10 Signs Your Job May Be in Danger

By Toni Vranjes

June 26, 2009

Should you look for a new job? Although the decision ultimately is yours, career coach Cynthia Shapiro has some advice for you.

If you don’t like your current position, the advice is straightforward. Send out your resume right away, says Shapiro, a career coach from Woodland Hills, Calif.

But if you love your job, it gets more complicated. You need to be on the lookout for red flags that may indicate your position is in jeopardy. If you detect several danger signs, then your job may be in danger, and you need to start looking for a new one, she says.

If you don’t observe any of these signals, then your job likely is secure, according to Shapiro, president of Shapiro Consulting International. You should still be ready for a possible layoff, just in case, but you don’t need to actively look for a new position.

Here are the danger signs:

1) Your employer isn’t replacing critical computer equipment, or is cutting back on other essential supplies needed to run the company. If, for instance, your company always has kept its computer equipment in tip-top shape, a change in that area would be a cause for concern.
2) Your employer isn’t replacing workers who leave. Newly vacant positions are left unfilled, although the company may be hiring in other departments.
3) Your employer has a hiring freeze or a raise freeze. There’s an across-the-board freeze on hiring or raises.
4) Management is holding a lot of closed-door meetings. What are they discussing? It could be plans to cut the workforce.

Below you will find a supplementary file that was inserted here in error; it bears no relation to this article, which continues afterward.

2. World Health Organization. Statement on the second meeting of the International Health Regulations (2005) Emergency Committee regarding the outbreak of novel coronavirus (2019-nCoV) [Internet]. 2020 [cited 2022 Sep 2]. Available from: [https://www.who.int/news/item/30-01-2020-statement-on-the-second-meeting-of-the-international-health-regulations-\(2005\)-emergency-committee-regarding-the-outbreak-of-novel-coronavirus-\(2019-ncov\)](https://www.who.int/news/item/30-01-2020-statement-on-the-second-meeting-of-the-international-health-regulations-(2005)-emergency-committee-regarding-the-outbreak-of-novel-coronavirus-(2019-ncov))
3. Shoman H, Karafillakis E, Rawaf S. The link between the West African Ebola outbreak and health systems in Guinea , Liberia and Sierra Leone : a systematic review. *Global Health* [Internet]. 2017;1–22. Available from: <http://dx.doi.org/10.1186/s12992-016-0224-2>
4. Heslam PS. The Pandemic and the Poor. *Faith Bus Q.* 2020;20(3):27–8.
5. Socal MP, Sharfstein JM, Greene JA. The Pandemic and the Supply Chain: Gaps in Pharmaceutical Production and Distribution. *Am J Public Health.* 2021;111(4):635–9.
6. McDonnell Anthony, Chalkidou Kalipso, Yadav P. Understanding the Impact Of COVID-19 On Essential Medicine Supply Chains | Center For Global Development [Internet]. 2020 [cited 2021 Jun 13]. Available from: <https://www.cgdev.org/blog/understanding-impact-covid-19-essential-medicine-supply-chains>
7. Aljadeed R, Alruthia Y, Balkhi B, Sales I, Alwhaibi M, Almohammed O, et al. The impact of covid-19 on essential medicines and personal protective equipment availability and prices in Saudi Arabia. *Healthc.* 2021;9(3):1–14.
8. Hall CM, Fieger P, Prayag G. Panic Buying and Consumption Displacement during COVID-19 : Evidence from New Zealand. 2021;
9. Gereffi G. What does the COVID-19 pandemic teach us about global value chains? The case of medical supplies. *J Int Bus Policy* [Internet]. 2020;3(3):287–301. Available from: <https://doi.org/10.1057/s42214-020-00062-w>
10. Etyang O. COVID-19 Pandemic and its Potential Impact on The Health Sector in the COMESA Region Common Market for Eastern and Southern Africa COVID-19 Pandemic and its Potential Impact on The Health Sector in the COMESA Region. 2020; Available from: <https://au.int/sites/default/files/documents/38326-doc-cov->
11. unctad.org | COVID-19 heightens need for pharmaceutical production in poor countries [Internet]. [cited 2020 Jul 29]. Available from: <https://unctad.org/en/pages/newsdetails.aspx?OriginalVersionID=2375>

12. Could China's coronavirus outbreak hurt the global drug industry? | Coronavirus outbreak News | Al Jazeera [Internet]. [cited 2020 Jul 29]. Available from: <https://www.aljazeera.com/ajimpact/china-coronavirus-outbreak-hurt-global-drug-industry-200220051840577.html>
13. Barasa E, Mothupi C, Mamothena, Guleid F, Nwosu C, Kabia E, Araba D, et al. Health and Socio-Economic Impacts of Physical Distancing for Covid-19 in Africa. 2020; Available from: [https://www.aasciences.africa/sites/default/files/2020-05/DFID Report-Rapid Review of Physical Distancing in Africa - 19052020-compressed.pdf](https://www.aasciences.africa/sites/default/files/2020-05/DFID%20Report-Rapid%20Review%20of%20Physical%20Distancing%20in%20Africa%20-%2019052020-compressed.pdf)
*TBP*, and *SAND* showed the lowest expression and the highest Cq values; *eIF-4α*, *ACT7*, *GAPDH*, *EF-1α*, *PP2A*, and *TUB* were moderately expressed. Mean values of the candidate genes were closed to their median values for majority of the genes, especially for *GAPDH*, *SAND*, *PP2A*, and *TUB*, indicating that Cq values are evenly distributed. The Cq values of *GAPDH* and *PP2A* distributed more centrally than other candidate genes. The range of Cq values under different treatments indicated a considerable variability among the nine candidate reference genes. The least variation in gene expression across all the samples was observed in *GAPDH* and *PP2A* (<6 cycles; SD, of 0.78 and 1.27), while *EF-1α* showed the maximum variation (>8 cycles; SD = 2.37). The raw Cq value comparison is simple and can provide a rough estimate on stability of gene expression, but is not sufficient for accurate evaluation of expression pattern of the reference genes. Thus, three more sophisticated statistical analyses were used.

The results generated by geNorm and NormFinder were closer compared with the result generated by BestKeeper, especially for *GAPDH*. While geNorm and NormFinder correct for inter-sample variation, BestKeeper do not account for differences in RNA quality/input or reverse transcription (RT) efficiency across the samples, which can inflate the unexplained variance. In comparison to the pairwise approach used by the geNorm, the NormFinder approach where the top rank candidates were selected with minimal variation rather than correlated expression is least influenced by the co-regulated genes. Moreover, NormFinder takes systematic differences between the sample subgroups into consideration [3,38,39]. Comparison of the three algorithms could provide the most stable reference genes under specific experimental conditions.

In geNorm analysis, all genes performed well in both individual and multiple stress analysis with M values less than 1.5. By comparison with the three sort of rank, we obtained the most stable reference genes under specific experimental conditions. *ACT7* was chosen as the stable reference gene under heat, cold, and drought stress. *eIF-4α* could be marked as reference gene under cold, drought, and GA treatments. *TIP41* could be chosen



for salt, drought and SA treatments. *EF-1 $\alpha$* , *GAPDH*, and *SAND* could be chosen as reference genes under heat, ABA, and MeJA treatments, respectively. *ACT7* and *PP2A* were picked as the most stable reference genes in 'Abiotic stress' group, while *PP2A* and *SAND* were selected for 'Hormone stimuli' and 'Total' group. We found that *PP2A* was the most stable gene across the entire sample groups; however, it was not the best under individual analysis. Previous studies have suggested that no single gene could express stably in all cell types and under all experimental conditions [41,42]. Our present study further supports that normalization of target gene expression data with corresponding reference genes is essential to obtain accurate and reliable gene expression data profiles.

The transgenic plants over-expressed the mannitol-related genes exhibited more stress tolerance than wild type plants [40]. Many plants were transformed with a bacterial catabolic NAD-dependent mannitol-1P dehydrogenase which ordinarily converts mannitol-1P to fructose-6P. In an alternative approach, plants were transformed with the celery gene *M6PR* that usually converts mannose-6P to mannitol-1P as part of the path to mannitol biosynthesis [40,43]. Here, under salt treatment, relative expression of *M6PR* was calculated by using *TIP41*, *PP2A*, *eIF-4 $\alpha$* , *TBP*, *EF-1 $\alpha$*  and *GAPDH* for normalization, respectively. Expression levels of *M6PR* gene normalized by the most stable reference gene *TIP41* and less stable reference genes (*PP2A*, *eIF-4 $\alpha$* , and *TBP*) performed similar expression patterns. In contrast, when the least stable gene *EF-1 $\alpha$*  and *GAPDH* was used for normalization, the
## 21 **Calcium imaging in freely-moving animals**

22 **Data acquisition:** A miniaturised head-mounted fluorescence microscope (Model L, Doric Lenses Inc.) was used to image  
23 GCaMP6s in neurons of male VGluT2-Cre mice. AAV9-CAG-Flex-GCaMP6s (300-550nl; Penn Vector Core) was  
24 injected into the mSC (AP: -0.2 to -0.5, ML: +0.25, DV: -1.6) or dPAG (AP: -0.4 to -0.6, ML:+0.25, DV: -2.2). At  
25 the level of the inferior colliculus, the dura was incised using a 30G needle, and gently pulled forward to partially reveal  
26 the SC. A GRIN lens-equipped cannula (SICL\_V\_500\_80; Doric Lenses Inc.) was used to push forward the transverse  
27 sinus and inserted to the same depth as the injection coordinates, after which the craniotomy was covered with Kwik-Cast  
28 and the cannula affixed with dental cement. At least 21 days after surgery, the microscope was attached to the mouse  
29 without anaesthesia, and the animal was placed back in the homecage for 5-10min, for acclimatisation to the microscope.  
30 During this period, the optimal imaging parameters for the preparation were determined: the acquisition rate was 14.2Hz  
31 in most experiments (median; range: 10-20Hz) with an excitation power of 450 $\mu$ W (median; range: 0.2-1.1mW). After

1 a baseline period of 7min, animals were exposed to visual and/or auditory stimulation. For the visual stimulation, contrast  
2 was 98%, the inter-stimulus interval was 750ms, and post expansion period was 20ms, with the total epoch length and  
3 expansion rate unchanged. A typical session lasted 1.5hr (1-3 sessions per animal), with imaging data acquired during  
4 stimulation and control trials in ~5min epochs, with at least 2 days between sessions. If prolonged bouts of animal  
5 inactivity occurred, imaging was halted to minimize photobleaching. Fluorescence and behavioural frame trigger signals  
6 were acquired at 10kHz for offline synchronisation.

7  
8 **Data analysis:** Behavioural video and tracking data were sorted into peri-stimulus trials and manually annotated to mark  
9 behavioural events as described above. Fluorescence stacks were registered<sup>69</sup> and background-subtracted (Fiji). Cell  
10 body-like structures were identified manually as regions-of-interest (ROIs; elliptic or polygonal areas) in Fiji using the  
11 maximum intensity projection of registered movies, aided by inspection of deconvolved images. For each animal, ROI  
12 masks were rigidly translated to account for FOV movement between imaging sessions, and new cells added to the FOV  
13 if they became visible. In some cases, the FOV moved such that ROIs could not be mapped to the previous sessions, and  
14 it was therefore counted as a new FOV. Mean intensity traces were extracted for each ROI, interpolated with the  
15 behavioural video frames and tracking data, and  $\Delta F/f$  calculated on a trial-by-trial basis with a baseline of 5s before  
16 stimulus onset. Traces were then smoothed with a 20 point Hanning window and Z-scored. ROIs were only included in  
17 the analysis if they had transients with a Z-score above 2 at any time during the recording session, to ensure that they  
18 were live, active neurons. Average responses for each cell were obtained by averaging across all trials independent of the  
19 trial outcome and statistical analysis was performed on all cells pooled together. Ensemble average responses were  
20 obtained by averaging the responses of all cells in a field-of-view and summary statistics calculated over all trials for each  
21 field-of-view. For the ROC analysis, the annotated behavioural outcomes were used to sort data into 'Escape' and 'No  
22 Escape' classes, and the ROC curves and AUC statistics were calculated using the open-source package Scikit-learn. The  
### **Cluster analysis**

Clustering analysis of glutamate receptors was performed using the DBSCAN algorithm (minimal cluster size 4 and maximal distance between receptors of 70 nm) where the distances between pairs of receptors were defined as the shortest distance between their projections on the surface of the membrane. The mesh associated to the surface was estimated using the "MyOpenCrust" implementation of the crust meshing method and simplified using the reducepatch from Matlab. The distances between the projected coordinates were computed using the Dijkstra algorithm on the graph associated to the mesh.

5) You have a major client who has left. You’ve recently lost a key client — along with the healthy revenue generated by that client.
6) Your department or team has experienced a lot of bad luck during the past year. For instance, your group has lost money or clients – even if it’s not your fault.
7) You make more money than your co-workers. You earn more than a colleague who does the same job or a similar job.
8) You’re a complainer. You whine and groan about the situation at your company. Even if you perceive your complaining as “constructive criticism,” your boss may not view it that way.
9) You have a bad relationship with your boss. You and your boss are like oil and water.
10) You’ve received bad performance reviews. Your boss isn’t thrilled with how you’re doing your job.

When assessing how your employer is faring, look for major changes in approach.

“You’re looking for critical differences that will impact the company‚Äôs ability to be successful,” Shapiro says.

She adds: “You need to look at what the company does, not necessarily what it says. It’s what it does that really matters.”

For instance, shortly before its collapse in March 2008, investment bank Bear Stearns was reassuring employees about the health of the firm, she notes.

If you detect several of these warning signs, you should pursue two courses of action simultaneously, according to Shapiro.

Try to turn things in your favor at your current company. Be a cheerleader for the firm, and offer to help out as much as you can. At the same time, begin searching for a new job. While looking, don’t say anything negative about your current employer, she advises.

What if you pursue a job search, but still have lingering doubts about whether your position really is in danger?

“If you take another job offer, go back to the company you love and say you love working here, and see if you get a counteroffer,” she says.

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